NewEnergyNews: TODAY’S STUDY: The Huge Potential Of Wave Energy

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YESTERDAY

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    Founding Editor Herman K. Trabish

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    Tuesday, July 11, 2017

    TODAY’S STUDY: The Huge Potential Of Wave Energy

    Making Wave Power Work

    June 2017 (Marine Power Systems)

    Introduction

    The transition to renewable energy

    The world is transitioning to a low carbon future in which clean, afordable, renewable electricity powers our daily lives. Already many countries source at more than 50% of their electricity from renewables. With the right technology, investment and policy in place, we believe the majority of the world will be powered by renewable energy by 2050.1

    Whilst solar and wind power are presently the UK’s main renewable energy sources, waves - an untapped resource - have the potential to form a prominent part of our renewable energy mix. This report outlines how the ocean’s waves hold the power to become an important part of the UK’s low carbon future, as well as generate renewable electricity for communities, towns and cities across the world.

    A brief overview of waves and wave power

    Wave power is generated by capturing the movement of seawater caused by waves. Waves tend to be larger and more powerful in deeper water further out to sea. Not to be confused with another marine energy technology tidal power, using the power of water tidal movement.

    Waves can be captured to generate energy near the shore, at mid or far ofshore, many miles from the coastline. Devices difer in scale, visibility and appearance depending on the size of the wave they’re looking to harness and with the amount of power they intend to generate. Concepts developed to-date generally aim to capture the up and down movement of the wave (the heave) or the to and fro movement (the surge) to drive a powertake-of system and generate electricity. Like ofshore wind power, this is transferred to shore with an undersea cable.

    For decades engineers have been trying to find the very best way to capture the power potential of the ocean. But conditions at sea are harsh and developing resilient technology able to solve the challenges of generating afordable, reliable power is no simple task. But, like any important journey, success is increasingly likely with knowledge, time and persistence.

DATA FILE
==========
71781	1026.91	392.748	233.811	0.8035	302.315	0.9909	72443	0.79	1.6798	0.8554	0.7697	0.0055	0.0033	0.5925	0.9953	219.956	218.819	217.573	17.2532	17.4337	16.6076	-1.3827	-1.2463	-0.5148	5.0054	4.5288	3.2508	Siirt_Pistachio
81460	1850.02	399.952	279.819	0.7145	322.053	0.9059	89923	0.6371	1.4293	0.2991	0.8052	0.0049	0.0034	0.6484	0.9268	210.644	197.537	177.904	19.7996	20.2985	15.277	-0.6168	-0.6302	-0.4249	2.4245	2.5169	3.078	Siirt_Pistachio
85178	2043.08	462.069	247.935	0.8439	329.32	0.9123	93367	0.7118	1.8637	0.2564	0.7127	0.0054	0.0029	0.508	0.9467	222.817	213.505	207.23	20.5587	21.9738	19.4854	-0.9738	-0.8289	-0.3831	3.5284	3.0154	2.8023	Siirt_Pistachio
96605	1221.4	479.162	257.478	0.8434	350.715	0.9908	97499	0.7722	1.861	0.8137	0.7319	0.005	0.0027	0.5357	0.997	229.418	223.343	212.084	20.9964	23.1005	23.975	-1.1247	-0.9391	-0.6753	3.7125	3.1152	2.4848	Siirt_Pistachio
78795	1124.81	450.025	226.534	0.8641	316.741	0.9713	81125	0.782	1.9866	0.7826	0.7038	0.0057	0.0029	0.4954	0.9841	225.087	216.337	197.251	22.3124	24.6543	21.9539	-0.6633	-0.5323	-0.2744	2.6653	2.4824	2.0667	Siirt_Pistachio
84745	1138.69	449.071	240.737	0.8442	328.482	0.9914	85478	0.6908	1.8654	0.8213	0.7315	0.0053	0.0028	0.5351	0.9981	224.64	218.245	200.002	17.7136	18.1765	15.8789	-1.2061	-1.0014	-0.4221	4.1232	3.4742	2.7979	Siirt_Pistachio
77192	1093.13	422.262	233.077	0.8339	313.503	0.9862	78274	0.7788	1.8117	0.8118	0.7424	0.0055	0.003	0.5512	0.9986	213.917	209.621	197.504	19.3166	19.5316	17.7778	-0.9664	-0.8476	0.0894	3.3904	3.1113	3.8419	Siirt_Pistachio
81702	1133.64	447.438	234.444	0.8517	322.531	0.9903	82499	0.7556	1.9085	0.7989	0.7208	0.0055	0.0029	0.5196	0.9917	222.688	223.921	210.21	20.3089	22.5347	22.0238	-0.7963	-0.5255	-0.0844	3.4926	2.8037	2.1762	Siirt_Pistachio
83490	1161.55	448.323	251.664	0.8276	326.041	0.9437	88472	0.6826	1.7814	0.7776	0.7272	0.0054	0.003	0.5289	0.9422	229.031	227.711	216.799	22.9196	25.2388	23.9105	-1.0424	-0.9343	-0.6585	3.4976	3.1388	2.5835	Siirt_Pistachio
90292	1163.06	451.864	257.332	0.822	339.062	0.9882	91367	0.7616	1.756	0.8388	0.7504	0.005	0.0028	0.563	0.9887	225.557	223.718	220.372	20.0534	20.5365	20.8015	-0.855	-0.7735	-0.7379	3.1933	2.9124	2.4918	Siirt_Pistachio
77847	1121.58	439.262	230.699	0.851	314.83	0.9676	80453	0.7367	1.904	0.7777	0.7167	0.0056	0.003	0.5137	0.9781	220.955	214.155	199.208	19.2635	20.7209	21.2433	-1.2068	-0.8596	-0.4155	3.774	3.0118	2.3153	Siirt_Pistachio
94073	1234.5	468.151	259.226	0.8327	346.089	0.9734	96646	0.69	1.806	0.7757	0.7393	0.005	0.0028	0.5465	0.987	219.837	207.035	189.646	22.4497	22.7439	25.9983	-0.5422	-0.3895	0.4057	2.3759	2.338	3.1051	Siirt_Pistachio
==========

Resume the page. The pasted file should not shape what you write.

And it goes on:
10% by 2050: A vision for the future

    Our vision is that wave power will generate at least 10% of the world’s electricity by 2050. Waves can join the wind and the sun as a reliable, afordable clean energy resource; with Europe’s shores alone having the potential to bring electricity to 230 million people, almost half the homes in the EU.2 We want to see large wave farms built at sea from 2020, increasing year on year as demand for clean power grows…

    The technology challenges: Harnessing powerful and uncompromising waves

    Simply because of the amount of energy stored by the ocean and its variable conditions, the marine environment is an incredibly challenging environment for technology. This is particularly the case for multi-MW, far ofshore wave devices, as being developed by MPS.

    “Moving a new power generating concept to an industrial reality, and feeding substantial amounts of electricity into the grid, requires decades of investment, innovation and applied learning. Ocean energy development has advanced significantly, and follows a similar development timeline to that of other energy industries [such as wind].”

    “To harness diferent resources viably, the ocean energy industry is developing concepts, including: small wave devices for calmer seas such as the Mediterranean; smaller tidal turbines for slower currents or near-shore areas; and devices that can be attached to harbour walls, dams, bridges and other existing infrastructure. A range of ocean energy devices must be developed to take into account the range of diferent sea conditions.” Ocean Energy Europe, March 2017

    To date wave technology has not been able to deliver energy at a low cost due to four main challenges, as identified by Marine Power Systems (MPS):

    1. Energy Capture Subsurface orbital energy flow is powerful but dificult to harness

    2. Survivability The marine environment is extremely harsh, forces on any device must be limited at times

    3. Transportation, Operation & Maintenance Devices need to be quick and simple to deploy, recover and service

    4. Capital Costs Devices need to be cheap to build in relation to the power they produce…

    10% Wave: How to reach our wave energy potential

    With the industry focused on developing technology for testing over the coming years, the main call is for policy support to bridge a short gap between now and deployment, to increase the scale and speed of impact. But there are other challenges, namely public perception, technological progress and funding. All are interlinked.

    It’s crucial to be clear on how wave energy meets its potential. The prize is big in terms of economic development and clean, afordable and reliable energy growth.

    Public perception and social engagement 3